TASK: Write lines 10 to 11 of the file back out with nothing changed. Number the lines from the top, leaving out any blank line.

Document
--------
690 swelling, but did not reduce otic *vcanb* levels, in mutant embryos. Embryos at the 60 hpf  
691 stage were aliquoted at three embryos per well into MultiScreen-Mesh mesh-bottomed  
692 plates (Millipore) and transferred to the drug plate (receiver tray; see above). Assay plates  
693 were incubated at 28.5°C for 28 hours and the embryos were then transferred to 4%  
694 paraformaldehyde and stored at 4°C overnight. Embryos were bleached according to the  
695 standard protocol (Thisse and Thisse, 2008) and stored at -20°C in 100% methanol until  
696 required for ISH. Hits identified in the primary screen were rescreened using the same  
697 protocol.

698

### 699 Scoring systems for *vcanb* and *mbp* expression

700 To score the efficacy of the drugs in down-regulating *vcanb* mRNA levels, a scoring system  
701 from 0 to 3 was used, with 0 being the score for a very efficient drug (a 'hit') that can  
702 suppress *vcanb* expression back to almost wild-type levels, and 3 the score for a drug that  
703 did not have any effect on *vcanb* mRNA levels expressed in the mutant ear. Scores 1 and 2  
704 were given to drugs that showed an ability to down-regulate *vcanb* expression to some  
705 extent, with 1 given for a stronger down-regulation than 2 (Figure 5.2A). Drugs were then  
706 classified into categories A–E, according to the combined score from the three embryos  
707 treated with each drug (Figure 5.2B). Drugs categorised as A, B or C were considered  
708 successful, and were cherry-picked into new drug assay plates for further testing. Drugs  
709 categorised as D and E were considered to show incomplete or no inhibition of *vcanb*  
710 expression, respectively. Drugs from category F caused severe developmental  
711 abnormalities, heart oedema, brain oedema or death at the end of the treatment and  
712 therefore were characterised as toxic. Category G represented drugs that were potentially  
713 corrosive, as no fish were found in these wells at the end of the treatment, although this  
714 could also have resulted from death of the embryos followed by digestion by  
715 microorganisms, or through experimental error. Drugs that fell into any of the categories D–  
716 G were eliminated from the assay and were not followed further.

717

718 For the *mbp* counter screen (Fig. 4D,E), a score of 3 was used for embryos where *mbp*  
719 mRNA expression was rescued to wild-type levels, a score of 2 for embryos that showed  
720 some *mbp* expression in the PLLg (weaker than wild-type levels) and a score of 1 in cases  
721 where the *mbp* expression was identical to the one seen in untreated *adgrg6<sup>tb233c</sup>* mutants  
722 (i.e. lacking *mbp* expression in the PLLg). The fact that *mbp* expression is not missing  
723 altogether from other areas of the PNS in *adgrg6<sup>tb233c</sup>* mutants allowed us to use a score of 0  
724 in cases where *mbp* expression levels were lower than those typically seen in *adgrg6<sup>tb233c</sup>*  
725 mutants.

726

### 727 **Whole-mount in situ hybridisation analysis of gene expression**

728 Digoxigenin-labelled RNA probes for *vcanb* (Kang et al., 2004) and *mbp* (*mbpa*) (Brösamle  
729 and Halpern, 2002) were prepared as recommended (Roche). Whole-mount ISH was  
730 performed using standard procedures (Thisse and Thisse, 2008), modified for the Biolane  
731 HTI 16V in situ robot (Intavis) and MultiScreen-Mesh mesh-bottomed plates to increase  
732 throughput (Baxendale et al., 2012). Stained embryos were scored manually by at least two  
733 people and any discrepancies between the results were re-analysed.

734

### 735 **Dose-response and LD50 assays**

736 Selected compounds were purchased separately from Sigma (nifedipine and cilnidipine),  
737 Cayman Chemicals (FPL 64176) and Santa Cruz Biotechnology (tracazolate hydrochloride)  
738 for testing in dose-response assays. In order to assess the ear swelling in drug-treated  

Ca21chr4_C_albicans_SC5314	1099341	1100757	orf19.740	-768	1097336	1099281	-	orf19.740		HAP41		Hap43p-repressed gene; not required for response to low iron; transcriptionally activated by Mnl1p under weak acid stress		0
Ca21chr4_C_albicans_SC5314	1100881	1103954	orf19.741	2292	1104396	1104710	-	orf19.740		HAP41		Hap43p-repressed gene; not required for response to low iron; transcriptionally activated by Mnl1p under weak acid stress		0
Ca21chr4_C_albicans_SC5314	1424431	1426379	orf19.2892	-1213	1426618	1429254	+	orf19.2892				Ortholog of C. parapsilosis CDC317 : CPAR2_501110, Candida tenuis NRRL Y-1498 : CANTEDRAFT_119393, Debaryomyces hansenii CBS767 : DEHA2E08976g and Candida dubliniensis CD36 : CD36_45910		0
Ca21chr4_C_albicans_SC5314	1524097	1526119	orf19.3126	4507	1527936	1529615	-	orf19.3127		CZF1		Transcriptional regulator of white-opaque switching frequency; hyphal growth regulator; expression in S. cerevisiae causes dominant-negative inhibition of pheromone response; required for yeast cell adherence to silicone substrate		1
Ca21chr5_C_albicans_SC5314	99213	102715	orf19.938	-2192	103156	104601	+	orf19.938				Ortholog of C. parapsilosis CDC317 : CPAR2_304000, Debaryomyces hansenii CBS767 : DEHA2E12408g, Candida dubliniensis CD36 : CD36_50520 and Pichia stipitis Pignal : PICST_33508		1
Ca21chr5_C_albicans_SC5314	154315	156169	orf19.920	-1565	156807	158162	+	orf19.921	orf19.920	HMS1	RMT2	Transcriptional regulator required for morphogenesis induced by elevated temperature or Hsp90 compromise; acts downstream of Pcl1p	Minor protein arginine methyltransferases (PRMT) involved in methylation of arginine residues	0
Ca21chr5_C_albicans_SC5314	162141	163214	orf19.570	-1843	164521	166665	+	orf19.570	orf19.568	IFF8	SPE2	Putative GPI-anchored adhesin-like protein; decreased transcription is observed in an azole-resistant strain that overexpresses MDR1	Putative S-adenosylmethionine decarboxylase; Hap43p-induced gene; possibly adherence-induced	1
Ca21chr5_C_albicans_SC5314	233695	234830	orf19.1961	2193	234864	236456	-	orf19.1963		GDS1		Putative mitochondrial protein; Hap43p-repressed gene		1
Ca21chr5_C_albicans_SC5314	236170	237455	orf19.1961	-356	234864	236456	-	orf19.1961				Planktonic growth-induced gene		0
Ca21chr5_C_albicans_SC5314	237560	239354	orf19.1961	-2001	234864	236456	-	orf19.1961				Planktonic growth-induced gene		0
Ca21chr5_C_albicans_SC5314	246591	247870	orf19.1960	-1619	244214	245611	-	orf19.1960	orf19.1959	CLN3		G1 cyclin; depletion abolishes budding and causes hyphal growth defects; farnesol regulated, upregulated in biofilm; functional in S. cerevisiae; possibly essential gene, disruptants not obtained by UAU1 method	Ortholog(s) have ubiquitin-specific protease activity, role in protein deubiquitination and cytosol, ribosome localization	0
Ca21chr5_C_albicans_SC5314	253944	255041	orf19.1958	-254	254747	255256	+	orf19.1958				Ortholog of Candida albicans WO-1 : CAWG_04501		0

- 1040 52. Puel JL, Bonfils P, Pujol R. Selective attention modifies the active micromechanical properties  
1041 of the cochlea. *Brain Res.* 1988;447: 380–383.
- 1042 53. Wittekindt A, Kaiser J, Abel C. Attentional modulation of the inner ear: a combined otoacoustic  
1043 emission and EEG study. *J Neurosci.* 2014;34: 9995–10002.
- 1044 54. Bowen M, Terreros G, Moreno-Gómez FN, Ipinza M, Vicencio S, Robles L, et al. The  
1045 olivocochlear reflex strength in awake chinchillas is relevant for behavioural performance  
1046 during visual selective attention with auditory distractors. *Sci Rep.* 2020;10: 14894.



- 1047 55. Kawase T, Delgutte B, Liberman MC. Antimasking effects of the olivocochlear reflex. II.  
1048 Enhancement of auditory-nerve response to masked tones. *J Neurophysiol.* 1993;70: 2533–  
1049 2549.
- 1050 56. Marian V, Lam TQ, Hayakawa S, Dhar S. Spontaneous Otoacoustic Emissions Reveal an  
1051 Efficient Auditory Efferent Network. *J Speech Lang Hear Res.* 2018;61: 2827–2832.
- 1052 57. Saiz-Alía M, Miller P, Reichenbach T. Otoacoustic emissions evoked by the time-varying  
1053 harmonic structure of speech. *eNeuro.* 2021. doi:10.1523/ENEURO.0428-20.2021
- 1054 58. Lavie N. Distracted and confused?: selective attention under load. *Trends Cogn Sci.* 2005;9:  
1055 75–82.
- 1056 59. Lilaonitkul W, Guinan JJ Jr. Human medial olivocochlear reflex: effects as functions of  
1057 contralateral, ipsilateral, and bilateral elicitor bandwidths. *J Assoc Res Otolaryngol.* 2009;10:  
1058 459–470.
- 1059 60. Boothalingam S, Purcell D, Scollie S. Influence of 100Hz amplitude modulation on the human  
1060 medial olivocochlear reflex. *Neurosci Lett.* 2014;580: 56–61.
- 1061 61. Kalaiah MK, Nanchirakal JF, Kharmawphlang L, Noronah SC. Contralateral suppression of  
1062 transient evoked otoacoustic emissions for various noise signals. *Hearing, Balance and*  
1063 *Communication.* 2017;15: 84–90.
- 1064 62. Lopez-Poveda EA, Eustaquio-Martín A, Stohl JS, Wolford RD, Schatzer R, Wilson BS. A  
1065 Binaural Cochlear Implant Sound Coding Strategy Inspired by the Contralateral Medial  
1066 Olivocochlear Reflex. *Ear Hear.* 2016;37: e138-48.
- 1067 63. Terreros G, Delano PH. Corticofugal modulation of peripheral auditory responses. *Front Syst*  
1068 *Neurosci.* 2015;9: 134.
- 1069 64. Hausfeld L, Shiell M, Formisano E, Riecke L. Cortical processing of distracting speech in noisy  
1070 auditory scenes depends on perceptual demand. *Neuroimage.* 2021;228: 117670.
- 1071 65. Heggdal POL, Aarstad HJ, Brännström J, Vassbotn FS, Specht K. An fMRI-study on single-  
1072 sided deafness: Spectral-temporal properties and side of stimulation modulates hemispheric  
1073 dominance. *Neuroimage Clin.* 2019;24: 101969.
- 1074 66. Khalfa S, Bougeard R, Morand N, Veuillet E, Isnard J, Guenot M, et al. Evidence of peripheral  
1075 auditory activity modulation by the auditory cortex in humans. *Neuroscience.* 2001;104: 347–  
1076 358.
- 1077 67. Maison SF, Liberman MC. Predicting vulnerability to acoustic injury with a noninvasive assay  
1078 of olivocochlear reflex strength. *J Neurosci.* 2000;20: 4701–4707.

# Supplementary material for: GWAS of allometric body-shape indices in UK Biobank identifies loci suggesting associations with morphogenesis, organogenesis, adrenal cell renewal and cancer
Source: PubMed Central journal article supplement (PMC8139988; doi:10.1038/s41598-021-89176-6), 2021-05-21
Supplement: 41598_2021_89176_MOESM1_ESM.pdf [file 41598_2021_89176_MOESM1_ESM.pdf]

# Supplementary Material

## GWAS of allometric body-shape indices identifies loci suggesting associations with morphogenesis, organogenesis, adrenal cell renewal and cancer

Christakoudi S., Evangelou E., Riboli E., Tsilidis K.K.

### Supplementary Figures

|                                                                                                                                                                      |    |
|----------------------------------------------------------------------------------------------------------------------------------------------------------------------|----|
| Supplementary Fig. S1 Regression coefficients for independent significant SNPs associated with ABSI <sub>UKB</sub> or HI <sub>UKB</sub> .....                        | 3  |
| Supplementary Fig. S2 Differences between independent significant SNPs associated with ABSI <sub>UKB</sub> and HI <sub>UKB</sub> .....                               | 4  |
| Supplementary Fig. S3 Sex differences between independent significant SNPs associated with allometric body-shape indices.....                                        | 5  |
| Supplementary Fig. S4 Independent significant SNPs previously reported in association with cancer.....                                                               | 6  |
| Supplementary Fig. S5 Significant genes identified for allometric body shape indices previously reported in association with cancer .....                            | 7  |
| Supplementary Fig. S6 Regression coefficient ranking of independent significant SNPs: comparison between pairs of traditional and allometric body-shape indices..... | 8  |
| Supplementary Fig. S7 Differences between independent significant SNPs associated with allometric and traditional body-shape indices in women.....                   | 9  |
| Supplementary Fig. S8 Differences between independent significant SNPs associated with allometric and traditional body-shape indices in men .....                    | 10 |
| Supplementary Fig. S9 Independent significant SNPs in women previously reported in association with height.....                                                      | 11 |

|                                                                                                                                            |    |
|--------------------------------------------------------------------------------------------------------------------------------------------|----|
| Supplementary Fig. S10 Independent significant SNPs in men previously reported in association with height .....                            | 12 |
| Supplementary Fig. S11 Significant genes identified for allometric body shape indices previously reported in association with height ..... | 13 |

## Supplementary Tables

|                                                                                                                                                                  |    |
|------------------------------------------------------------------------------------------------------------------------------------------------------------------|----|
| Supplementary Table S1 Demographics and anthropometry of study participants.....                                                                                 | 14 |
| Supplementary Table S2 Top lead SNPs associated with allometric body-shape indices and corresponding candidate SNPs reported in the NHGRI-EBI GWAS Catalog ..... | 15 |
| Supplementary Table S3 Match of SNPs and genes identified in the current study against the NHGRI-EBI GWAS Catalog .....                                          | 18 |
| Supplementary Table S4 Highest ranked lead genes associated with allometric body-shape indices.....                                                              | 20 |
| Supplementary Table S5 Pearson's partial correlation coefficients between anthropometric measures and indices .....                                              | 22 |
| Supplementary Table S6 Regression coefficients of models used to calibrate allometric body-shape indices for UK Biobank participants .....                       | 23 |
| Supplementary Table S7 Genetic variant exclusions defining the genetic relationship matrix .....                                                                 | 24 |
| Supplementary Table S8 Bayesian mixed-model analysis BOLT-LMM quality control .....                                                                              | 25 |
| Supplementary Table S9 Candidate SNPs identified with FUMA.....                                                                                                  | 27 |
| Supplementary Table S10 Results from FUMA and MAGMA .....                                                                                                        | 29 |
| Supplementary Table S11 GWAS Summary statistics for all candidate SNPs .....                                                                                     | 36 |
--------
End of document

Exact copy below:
### 699 Scoring systems for *vcanb* and *mbp* expression

700 To score the efficacy of the drugs in down-regulating *vcanb* mRNA levels, a scoring system  